Hospital chief in car scandal• Prioritises new vehicle over drugs • Suppliers scramble for payment

CENTRE OF A STORM . . . The Jeep Cherokee (left) bought for Harare Central Hospital chief executive,  Mrs Peggy Zvavamwe, for a reported $80 000, when the hospital is struggling to buy pain killers

CENTRE OF A STORM . . . The Jeep Cherokee (left) bought for Harare Central Hospital chief executive, Mrs Peggy Zvavamwe, for a reported $80 000, when the hospital is struggling to buy pain killers

Paidamoyo Chipunza Senior Health Reporter
Harare Central Hospital chief executive officer Mrs Peggy Zvavamwe is under investigation following her recent cash purchase of an executive vehicle worth over $88 000 at a time when the institution is struggling to provide even pain killers for patients, sources have revealed.

Sources close to the happenings told The Herald that Mrs Zvavamwe was placed under investigation by the Ministry of Health and Child Care two weeks ago after she ordered the finance department last month to stop all other procurements until they raised $88 359 required for her Jeep Cherokee in line with her conditions of service.

The ministry’s acting principal director for curative services Mr Douglas Mangwanya promised to provide details, but later stopped picking his mobile phone.

Sources said the money was raised from daily revenue and instead of buying medicines and other sundries, it was used to pay for Mrs Zvavamwe’s vehicle.

The payment was effected last Thursday and a black Jeep Cherokee was delivered to the health institution on Friday.

Suppliers are now said to be demanding their dues after learning that the institution raised such huge cash amounts.

“This is shocking, considering the fact that hospitals, including Harare Central Hospital were blaming the economic environment for shortage of medicines in institutions yet they can raise such amounts in a short space of time,” said a source.

“This shows that our priorities are completely misplaced. Imagine patients are walking away with prescriptions every day. The hospital does not have antibiotics, painkillers or even cotton wool. Patients are being asked to buy medicines because the hospital cannot provide them yet they not only prioritise purchase of a vehicle but cash purchase of such magnitude,” added the source.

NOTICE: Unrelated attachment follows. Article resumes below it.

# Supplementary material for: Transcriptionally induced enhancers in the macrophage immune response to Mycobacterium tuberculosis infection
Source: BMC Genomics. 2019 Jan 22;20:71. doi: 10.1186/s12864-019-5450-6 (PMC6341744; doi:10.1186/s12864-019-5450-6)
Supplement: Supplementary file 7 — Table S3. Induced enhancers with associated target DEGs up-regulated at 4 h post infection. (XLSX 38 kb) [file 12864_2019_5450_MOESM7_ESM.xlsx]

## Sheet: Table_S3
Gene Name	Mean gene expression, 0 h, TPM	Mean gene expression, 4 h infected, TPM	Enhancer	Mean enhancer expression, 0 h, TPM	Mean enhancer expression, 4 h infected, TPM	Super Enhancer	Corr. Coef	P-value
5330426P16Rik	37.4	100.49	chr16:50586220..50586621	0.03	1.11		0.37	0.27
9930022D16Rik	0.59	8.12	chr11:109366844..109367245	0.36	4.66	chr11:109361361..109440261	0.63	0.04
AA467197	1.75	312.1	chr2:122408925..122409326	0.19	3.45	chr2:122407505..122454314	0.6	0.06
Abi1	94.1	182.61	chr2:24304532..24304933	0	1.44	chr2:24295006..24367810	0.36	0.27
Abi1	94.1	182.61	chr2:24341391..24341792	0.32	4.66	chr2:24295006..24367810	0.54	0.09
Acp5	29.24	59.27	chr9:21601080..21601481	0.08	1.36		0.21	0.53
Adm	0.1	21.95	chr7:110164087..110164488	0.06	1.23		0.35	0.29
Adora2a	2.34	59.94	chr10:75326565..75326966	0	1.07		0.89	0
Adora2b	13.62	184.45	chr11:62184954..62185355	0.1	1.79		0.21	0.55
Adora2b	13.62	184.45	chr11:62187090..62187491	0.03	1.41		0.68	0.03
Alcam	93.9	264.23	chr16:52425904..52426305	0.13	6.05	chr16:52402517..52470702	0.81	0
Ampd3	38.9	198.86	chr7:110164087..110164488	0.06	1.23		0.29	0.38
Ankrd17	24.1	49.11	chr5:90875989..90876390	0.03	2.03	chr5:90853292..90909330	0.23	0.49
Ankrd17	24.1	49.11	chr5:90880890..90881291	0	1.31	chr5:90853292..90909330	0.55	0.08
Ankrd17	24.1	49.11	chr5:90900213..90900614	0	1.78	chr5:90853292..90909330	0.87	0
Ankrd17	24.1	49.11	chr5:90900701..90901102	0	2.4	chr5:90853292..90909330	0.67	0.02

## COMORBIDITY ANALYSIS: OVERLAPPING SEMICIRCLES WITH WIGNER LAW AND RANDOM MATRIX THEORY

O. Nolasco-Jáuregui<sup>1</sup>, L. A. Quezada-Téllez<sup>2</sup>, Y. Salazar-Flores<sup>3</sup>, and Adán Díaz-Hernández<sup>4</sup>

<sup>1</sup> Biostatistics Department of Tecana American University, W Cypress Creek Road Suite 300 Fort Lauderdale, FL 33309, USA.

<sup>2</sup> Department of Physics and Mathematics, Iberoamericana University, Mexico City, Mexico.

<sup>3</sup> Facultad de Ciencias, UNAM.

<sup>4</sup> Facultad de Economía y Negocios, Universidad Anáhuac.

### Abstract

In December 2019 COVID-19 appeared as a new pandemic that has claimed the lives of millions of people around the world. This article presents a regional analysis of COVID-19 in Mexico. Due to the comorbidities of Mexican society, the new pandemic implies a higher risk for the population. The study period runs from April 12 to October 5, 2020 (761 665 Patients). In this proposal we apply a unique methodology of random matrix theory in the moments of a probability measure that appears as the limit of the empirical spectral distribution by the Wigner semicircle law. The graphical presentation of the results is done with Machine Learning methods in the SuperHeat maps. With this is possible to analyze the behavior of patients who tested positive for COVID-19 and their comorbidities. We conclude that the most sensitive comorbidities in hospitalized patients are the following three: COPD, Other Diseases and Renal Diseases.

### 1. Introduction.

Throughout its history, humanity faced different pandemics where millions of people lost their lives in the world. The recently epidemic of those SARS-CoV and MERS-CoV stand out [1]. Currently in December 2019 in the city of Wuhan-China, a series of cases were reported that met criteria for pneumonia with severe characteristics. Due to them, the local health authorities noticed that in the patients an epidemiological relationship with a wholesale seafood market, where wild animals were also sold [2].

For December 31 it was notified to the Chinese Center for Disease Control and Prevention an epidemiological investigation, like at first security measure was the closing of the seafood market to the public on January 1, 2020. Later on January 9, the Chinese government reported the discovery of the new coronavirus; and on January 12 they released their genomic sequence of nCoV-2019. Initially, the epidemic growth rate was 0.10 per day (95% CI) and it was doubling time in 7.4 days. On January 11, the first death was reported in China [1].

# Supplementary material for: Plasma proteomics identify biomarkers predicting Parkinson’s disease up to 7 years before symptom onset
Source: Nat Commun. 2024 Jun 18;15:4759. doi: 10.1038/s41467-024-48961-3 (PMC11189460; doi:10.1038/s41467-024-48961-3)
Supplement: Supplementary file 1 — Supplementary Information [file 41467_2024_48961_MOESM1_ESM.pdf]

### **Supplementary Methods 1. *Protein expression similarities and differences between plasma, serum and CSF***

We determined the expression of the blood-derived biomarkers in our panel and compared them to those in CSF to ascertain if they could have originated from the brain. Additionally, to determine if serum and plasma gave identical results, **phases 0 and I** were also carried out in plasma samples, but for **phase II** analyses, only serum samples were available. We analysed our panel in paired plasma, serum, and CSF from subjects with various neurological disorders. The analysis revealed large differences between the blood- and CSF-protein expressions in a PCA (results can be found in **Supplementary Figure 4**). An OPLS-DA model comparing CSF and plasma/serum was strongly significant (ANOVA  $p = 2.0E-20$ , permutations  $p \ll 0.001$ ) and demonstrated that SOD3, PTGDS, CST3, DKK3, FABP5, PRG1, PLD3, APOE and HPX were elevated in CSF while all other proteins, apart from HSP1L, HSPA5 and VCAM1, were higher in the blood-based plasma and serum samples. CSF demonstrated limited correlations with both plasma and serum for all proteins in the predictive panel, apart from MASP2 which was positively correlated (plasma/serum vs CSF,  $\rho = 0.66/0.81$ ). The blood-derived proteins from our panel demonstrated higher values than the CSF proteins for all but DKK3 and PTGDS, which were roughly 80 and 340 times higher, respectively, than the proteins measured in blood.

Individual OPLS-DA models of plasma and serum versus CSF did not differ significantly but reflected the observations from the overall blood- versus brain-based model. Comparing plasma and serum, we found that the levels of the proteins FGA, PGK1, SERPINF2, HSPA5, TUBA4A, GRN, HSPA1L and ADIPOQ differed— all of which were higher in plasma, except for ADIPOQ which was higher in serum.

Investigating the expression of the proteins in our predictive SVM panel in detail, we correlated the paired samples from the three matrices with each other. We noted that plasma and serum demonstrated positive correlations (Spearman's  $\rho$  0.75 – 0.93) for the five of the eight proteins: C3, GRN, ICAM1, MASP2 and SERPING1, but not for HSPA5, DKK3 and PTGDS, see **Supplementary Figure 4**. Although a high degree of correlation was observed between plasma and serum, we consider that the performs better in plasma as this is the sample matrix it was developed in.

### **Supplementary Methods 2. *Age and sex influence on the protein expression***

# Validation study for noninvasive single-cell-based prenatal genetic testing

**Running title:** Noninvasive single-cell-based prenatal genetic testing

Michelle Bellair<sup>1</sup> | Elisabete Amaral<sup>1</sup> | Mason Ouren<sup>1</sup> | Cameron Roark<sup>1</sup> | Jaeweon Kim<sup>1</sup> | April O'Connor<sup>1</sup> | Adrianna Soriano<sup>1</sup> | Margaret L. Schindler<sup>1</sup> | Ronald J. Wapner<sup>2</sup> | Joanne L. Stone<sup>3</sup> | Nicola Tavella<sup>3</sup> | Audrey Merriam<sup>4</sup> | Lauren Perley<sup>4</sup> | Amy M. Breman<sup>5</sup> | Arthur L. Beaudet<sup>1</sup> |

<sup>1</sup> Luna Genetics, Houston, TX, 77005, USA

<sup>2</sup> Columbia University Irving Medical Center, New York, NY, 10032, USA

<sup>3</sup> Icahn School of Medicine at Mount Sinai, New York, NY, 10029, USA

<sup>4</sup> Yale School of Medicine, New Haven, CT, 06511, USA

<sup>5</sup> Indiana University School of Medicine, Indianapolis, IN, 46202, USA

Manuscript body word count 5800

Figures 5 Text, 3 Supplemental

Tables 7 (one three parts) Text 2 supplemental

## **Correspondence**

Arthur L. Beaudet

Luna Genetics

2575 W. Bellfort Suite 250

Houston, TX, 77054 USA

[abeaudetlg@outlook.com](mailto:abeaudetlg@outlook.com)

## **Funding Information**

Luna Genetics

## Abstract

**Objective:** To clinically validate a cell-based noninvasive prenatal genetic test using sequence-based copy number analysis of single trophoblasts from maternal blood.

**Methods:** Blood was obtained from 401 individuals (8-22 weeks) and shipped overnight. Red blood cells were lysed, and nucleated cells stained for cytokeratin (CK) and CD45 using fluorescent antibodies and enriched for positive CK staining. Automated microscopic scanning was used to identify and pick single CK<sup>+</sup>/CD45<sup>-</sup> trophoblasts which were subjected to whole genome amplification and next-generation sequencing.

Another source from the Ministry of Health and Child Care head office weighed in and said that hospitals were expected to purchase vehicles for their CEOs through bank loans and not cash from the hospital coffers.

“The approval from Treasury was that they secure loans for procurement of executive vehicles, which will be paid in monthly instalments. That was a better arrangement as it does not suffocate other areas of service provision,” said the source.

But Mrs Zvavamwe dismissed the allegations saying everything done was above board.

Mrs Zvavamwe said every year end, the institution experiences financial difficulties resulting in suspension of all procurements except for medicines and kitchen goods and 2015 was not an exception.

She said the drug shortages experienced at Harare Central Hospital were similar to those that were being experienced by other central health institutions in the country.

“Our theatre is functioning at full throttle; the children’s hospital is functioning. If there are no medicines, how do these departments work? The shortages we are experiencing are not peculiar to Harare Hospital,” she said.

Mrs Zvavamwe said they started saving for the vehicle in April last year and the money was only paid to suppliers at the beginning of January.

She said getting a loan from the bank would still mean the hospital will be paying something monthly to the bank.

She dismissed allegations that the hospital was now saving money for vehicles for directors saying the approval was only for the chief executive.

Central hospitals throughout the country are experiencing drug shortages largely due to financial challenges experienced in the country.

Usually, hospitals would get their drugs from Natpharm at subsidised rates but Natpharm is unable to procure medicines due to financial challenges.

According to Natpharm, medicines for Government institutions stored at the company only constitute 10 percent while the rest were bought by donors and are meant for specific conditions such as HIV and Aids, tuberculosis, malaria, and maternal health.

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